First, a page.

What is OpenBSD?
OpenBSD is a FREE, multi-platform 4.4BSD-based UNIX-like operating system. Unlike GNU\Linux which is most likely a joining of 2 projects - Linux the kernel and the GNU utilities, the BSD's are usually one whole i.e the whole OS, including the kernel + utitlies are built in-house.
However if you do plan to try it out, keep in mind that the project mainly focuses on security and code correctness. You might not be able to run most of the software you're used to, as it might not be in the software repos or you might simply cannot build them.
- The base install is tiny and it even comes with an Xserver.
- It focuses on security. All package configurations have security options turned on by default.
- There is almost nothing to configure. Everything just works!
- The documentation is second to none. This also holds true for the man pages.
- There is no over-complication. Everything in OpenBSD and BSDs in general follow the KISS principle.
When not to choose OpenBSD?
- If the tools for most of the apps you use, have not yet landed in the ports tree or the repos.
- If you have very recent hardware, the “everything just works” scenario might not play well.
- If you depend on Google more than the man pages. I had a lot of issues finding things on Google about OpenBSD related trouble-shooting. Almost everything is in the manpages. If they are not, it cannot be done on OpenBSD.
- If you don’t have enough time to dig in and research if you run into problems. Getting acquainted with OpenBSD takes time and patience.
- Go to the downloads
page and get the
installXX.fsfile, if you plan to make a bootable USB installer. Make sure you choose your apt CPU architecture.
- Plug in your USB key and
$ sudo dd if=install*.fs of=/dev/sdb bs=1m
ddfinishes its thing, boot into your USB key.
I’ll be explaining the process of installing OpenBSD 6.3 on to a laptop. Read the installation guide. It’s very much straight forward. As for what I chose,
System hostname? = lappy Which network interface do you wish to configure? = em0 DNS domain name? = anythinghere.com Password for root account? = **** Do you want the X Window System to be started by xenodm(1)? = yes Setup a user? = akts Full name for user akts? = akts Password for user akts? = **** What timezone are you in? [Asia/Calcutta] = <Enter> Which disk is the root disk? = sd1 Use (W)hole disk MBR, whole disk (G)PT or (E)dit? = w Location of sets? = disk Is the disk partition already mounted? = no Which disk contains the install media? = sd2 Directory does not contain SHA256.sig. Continue without verification? = yes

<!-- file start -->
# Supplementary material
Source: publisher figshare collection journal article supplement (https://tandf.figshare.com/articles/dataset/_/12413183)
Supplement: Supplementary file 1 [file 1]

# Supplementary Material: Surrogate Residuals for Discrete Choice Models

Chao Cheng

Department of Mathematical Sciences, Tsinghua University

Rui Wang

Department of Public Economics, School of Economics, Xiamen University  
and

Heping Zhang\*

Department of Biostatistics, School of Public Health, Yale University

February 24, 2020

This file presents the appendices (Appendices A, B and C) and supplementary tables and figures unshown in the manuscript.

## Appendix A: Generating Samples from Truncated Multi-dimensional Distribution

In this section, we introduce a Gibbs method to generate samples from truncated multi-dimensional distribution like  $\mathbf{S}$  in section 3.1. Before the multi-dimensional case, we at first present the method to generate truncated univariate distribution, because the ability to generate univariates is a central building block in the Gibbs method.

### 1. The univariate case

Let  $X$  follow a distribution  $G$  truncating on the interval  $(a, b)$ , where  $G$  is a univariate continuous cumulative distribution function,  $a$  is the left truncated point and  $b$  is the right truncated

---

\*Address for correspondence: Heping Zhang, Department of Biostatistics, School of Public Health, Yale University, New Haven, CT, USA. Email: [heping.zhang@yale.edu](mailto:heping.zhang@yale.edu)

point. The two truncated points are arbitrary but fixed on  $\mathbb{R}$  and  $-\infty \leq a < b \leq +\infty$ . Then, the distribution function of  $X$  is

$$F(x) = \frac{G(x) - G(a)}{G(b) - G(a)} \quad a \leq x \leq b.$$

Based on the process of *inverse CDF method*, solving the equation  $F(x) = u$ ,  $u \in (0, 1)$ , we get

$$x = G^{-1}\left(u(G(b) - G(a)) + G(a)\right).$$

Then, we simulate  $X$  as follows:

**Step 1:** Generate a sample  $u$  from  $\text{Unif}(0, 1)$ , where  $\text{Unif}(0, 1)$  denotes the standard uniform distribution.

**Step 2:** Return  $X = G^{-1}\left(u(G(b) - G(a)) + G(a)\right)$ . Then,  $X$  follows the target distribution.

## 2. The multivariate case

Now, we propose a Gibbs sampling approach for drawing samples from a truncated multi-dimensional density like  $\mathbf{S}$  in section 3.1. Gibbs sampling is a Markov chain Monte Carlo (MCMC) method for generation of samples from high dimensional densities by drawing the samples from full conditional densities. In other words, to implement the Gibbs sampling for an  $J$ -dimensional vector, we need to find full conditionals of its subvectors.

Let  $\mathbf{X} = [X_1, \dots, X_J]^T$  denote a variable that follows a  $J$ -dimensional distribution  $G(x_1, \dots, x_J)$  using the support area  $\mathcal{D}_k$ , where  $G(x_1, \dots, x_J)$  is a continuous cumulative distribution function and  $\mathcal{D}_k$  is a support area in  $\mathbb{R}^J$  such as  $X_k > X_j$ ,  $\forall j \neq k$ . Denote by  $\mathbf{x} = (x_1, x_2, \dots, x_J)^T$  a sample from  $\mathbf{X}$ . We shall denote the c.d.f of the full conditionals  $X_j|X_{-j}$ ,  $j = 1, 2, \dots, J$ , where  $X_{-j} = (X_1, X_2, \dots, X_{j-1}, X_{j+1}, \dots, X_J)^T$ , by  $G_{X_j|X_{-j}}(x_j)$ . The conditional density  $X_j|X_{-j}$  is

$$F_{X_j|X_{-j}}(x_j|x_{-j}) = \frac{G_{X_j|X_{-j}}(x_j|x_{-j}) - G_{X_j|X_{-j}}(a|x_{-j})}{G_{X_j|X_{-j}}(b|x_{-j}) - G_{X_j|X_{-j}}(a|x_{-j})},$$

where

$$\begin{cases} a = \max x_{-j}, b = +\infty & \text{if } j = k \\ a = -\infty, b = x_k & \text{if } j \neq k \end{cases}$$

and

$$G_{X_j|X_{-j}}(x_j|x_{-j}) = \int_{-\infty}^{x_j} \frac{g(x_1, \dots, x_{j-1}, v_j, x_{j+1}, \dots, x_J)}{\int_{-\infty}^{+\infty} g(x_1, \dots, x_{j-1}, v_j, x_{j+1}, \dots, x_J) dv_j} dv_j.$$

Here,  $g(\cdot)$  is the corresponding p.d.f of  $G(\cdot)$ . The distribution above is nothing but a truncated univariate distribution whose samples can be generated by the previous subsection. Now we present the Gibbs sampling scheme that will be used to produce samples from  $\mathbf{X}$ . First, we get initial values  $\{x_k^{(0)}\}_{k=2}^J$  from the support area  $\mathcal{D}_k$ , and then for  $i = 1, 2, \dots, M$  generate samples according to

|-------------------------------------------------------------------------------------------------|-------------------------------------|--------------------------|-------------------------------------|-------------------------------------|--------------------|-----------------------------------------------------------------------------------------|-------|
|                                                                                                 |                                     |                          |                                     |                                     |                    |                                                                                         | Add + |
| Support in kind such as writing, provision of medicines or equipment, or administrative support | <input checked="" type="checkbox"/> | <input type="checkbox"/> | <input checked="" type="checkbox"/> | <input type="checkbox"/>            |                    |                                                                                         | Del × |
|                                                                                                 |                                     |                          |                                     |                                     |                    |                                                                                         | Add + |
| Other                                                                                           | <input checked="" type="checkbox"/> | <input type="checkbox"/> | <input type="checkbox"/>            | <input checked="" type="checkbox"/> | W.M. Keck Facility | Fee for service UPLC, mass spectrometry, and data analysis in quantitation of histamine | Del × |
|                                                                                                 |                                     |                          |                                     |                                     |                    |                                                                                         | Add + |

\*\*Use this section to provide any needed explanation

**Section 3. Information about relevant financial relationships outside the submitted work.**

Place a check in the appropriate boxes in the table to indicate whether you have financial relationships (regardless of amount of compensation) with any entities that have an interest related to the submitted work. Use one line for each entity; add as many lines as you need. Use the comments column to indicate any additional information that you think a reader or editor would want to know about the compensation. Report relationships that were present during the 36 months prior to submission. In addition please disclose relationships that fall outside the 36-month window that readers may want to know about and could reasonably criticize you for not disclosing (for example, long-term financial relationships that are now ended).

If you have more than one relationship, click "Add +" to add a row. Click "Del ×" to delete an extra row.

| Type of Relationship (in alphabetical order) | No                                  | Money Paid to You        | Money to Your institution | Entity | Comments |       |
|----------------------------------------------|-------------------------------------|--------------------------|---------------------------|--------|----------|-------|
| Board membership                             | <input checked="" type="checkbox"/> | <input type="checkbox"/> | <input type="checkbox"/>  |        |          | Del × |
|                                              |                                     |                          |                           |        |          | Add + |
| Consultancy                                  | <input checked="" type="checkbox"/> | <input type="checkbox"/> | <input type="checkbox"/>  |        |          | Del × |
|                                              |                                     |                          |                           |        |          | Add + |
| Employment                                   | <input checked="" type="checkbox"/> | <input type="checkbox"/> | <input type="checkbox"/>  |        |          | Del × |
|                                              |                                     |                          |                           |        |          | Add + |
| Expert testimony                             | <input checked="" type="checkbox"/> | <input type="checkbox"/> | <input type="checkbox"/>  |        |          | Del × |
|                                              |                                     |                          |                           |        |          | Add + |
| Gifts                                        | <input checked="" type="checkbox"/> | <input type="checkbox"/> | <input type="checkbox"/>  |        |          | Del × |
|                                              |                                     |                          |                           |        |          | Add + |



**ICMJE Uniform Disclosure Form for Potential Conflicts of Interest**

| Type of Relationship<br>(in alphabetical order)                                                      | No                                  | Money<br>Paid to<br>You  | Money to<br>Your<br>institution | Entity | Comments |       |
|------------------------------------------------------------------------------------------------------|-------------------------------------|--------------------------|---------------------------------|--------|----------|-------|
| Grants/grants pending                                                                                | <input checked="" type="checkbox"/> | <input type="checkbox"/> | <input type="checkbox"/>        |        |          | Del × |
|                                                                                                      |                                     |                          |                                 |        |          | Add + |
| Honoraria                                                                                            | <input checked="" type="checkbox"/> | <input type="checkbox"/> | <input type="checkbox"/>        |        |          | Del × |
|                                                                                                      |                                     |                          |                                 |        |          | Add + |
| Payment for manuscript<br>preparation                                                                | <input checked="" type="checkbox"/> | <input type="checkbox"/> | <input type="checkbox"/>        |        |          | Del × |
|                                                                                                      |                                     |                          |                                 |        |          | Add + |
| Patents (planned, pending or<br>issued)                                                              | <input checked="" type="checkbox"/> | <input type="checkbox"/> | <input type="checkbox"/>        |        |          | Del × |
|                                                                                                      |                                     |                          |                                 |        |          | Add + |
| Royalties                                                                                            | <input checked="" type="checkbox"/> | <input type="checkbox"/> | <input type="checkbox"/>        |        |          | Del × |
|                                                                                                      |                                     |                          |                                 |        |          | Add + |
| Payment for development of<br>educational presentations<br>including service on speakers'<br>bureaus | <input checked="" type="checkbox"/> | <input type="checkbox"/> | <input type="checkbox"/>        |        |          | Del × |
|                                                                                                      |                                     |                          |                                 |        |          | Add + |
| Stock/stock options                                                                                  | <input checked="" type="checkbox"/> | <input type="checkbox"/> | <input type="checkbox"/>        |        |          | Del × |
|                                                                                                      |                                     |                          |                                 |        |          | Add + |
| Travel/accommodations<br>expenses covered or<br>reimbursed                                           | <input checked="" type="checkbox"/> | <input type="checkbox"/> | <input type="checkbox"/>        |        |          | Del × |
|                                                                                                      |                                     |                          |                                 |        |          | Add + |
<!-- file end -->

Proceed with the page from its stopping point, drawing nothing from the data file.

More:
Reboot into your new installation.
Login as your user. It helps, if you jack into your router with a cable - we’ll need internet, if your wifi doesn’t work.
Oh! before we go any further,
$ man afterboot. What you see, after you log in, is the fvwm window manager in all its glory. Open a terminal and go root
$ su -l Password:
To get internet, try
$ ifconfig # is your interface there? # ifconfig em0 up # dhclient em0
Install any non-free firmware with
Pull out the cable, and lets get our wifi going.
# ifconfig iwn0 up # ifconfig iwn0 scan # ifconfig iwn0 nwid mywifihotspot wpakey P4$$w0rd wpaprotos wpa1,wpa2 # dhclient iwn0
We need a repo url in
/etc/installurl. This is where
OpenBSD’s package manager looks for getting packages.
# echo "https://www.mirrorservice.org/pub/OpenBSD" >> /etc/installurl # pkg_add i3 # installs i3 # pkg_info -Q i3 # searches for i3
Consult the faq for more.
# rcctl enable apmd # rcctl set apmd flags -A # rcctl start apmd
This will update a file called
/etc. Never update
rc.conf file directly. Use
rcctl instead. If you have not guessed
it by now
rc.conf is used to handle system startup scripts/programs.
# echo 'permit akts' > /etc/doas.conf
Warning: This will allow
akts to run any command.
OpenBSD restricts the amount of RAM a program can eat to 1.5GB at max. If you have more than 4GB of RAM,
# cp /etc/login.conf /etc/login.conf.bak # sed -i 's/datasize-cur=768M/datasize-cur=4096M/' /etc/login.conf # sed -i 's/datasize-max=768M/datasize-max=4096M/' /etc/login.conf
akts to execute any command. However if we want
execute specific commands as a privilleged user,
permit nopass akts as root cmd mount permit nopass akts as root cmd umount
umount are the command names.
To mount and unmount disks
$ doas mount /dev/sd2i /home/akts/mounts $ doas umount /dev/sd2i
Even when you read a file, the filesystem keeps a record.
/etc/fstab prevents OpenBSD from doing this.
# cp /etc/fstab /etc/fstab.bak # sed -i 's/rw/rw,noatime/' /etc/fstab
References and better writings
- Keith Burnett’s laptop install guide.
- Roman Zolotarev’s openbsd writeups.
- BSD vs Linux - an old, but relevant writeup.
- jcs’s writeups.
- Derek Siver’s OpenBSD page.
- cfenollosa’s comparison of Linux and BSD.
- OpenBSD Workstation